Italy, Spain and other European countries are re-instating or stiffening disguise mandates as their hospitals struggle with mounting numbers of Covid-19 patients.
Other nations, like the Netherlands, are considering introducing masking rules.
In Italy’s case, the use of more protective FFP2 masks is also seen as a way to keep businesses and public sets running.
The Italian government says vaccinated people who had contact with someone who tested positive for the coronavirus can avoid quarantine as long as they use a FFP2 disguise while in public for 10 days.
With Italy’s hospital ICUs rapidly filling with mostly unvaccinated Covid-19 patients, the government announced on Christmas Eve that FFP2 masks – which offer users more protection than cloth or surgical masks – must be worn on public transport, including planes, trains, ferries and subways.
This is on top of current rules which state passengers in Italy, as of this week, must be vaccinated or recently recovered from Covid-19.
FFP2s also must now be worn at theatres, cinemas and sports events, indoors or out, and cannot be removed already for their wearers to eat or drink.
Italy re-introduced the outdoor disguise mandate, having never lifted its indoor mandate – already when infections severely dropped in the summer.
Spain reinstated its outdoor disguise rule on Christmas Eve. After the 14-day contagion rate soared to 2,722 new infections per 100,000 people by the end of last week – from 40 per 100,000 in mid-October – chief Minister Pedro Sanchez was asked whether the outdoor disguise mandate was helping.
“Of course, it is,” Mr Sanchez said. “It’s not me saying it. It’s science itself saying it, because (it’s) a virus that is contracted when one exhales.”
Portugal brought masks back at the end of November, after having largely dropped the requirement when it hit its goal of vaccinating 86% of the population.
Greece has also restored its outdoor disguise mandate, while requiring an FFP2 or double surgical disguise on public transport and in indoor public spaces.
This week, the Dutch government’s sudden increase management team recommended a disguise mandate for people over 13 in busy public indoor areas such as restaurants, museums and theatres, and for spectators at indoor sports events.
Those places are currently closed under a lockdown, scheduled to end on Friday.
In France, the outdoor disguise mandate was slightly re-instated in December in many cities, including Paris. The age for children being required to start wearing masks in public places was lowered from 11 to six.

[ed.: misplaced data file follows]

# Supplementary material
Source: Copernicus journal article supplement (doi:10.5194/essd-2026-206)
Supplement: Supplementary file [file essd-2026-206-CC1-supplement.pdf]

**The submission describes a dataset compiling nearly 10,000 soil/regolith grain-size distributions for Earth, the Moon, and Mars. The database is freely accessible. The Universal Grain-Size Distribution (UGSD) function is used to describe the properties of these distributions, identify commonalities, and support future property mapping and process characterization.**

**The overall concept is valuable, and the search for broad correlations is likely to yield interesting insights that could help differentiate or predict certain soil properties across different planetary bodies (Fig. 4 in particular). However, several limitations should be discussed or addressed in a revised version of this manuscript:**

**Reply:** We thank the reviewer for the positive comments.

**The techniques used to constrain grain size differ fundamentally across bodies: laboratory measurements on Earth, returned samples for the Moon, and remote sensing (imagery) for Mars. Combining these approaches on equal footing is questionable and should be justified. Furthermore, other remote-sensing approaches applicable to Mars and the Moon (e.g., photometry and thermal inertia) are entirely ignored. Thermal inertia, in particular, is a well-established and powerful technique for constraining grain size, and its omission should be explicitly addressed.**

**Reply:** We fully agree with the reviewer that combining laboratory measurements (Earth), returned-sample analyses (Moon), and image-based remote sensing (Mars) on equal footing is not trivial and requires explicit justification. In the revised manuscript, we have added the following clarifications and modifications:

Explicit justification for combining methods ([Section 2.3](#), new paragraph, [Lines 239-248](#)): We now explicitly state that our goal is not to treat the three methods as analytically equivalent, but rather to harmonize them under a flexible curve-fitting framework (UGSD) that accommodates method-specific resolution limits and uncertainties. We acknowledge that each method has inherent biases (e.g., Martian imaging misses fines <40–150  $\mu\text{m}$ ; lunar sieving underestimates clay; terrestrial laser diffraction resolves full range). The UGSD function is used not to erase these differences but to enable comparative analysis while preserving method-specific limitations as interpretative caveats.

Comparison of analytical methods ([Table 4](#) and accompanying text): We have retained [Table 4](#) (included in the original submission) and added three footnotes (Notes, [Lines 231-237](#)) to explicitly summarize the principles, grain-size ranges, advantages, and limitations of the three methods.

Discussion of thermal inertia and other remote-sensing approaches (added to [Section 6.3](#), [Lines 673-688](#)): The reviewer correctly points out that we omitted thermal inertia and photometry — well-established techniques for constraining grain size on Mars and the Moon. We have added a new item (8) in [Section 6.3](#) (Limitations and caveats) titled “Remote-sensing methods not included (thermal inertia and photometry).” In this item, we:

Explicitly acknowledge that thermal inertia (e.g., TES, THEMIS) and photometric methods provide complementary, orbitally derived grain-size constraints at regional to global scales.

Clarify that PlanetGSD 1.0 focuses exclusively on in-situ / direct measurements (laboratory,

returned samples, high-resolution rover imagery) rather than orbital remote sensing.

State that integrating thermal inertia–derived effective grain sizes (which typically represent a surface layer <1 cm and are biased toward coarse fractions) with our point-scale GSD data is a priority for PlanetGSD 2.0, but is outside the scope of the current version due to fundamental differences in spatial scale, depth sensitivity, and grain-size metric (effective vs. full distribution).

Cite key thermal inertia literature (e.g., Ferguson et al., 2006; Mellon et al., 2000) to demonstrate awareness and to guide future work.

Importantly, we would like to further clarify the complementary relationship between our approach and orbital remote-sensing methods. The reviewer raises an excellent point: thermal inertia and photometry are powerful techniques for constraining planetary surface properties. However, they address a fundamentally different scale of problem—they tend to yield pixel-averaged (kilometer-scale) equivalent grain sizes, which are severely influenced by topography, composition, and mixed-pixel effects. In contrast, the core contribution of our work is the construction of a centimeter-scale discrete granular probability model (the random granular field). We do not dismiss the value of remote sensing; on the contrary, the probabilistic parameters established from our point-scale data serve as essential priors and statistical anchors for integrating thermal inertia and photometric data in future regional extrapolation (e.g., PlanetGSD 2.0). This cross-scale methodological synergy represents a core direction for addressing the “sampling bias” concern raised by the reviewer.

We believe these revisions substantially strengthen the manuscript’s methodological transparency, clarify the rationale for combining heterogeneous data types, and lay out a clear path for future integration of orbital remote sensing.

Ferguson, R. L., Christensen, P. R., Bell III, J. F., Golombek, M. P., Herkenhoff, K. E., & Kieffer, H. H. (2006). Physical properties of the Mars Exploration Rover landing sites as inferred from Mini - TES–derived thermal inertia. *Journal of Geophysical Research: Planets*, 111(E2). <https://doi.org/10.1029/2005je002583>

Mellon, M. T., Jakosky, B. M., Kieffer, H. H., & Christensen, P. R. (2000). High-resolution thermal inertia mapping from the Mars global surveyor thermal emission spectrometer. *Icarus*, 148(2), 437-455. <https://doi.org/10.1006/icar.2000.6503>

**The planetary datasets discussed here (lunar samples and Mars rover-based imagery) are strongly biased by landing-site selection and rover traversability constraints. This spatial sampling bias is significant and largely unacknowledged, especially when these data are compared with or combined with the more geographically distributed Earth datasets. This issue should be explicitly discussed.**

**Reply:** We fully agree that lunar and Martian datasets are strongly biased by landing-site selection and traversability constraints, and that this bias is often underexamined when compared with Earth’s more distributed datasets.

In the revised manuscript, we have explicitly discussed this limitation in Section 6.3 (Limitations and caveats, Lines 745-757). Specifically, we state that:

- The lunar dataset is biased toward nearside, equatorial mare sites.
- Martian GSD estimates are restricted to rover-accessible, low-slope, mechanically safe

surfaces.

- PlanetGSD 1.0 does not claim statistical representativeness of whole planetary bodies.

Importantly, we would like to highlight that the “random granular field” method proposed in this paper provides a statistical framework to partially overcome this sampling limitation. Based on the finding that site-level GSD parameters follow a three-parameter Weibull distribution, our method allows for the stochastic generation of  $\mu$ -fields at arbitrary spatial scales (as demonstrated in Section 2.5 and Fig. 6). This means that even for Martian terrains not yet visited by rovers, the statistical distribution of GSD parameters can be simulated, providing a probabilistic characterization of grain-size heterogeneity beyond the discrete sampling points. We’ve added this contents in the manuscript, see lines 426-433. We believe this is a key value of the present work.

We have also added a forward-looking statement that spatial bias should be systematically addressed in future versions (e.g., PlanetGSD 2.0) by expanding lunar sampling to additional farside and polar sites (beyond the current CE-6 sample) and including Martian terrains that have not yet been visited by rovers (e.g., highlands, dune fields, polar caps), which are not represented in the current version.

Austrian chancellor Karl Nehammer announced last week that people must use FFP2 masks outdoors if they can not keep at the minimum two metres apart.
In Italy, with more than two million people currently positive for the virus in a nation of 60 million and workplace absences curtailing aim and buses, the government also sees masks as a way to let society function more fully.
People with booster jabs or recent second vaccine doses can now avoid quarantine after coming into contact with an infected person if they use an FFP2 disguise for 10 days.
The government has ordered shops to make FFP masks obtainable for 75 euro cents (62p). During the pandemic’s first year, FFP2s cost up to 10 euro (£8.35) – whenever they could be found.
On Monday, Vatican City State mandated FFP2s in all indoor places. The tiny walled independent state across the Tiber from the heart of Rome also stipulated that Vatican employees can go to work without quarantining after coming into contact with someone testing positive if, in addition to being fully vaccinated or having received a booster, they use FFP2s.
Francis did appear to be wearing a FFP2 when he emerged from a music store near the Pantheon earlier this week, startling shoppers in Rome, before being pushed back to the Vatican.
Nino Cartabellotta, president of the Bologna-based GIMBE foundation, which monitors health care in Italy, said the situation in Britain points to what can happen when measures like disguise-wearing are not valued.
“The situation in the UK showed that use of vaccination alone wasn’t enough” to get ahead of the pandemic, he said, already though it was one of the first countries to begin vaccination.
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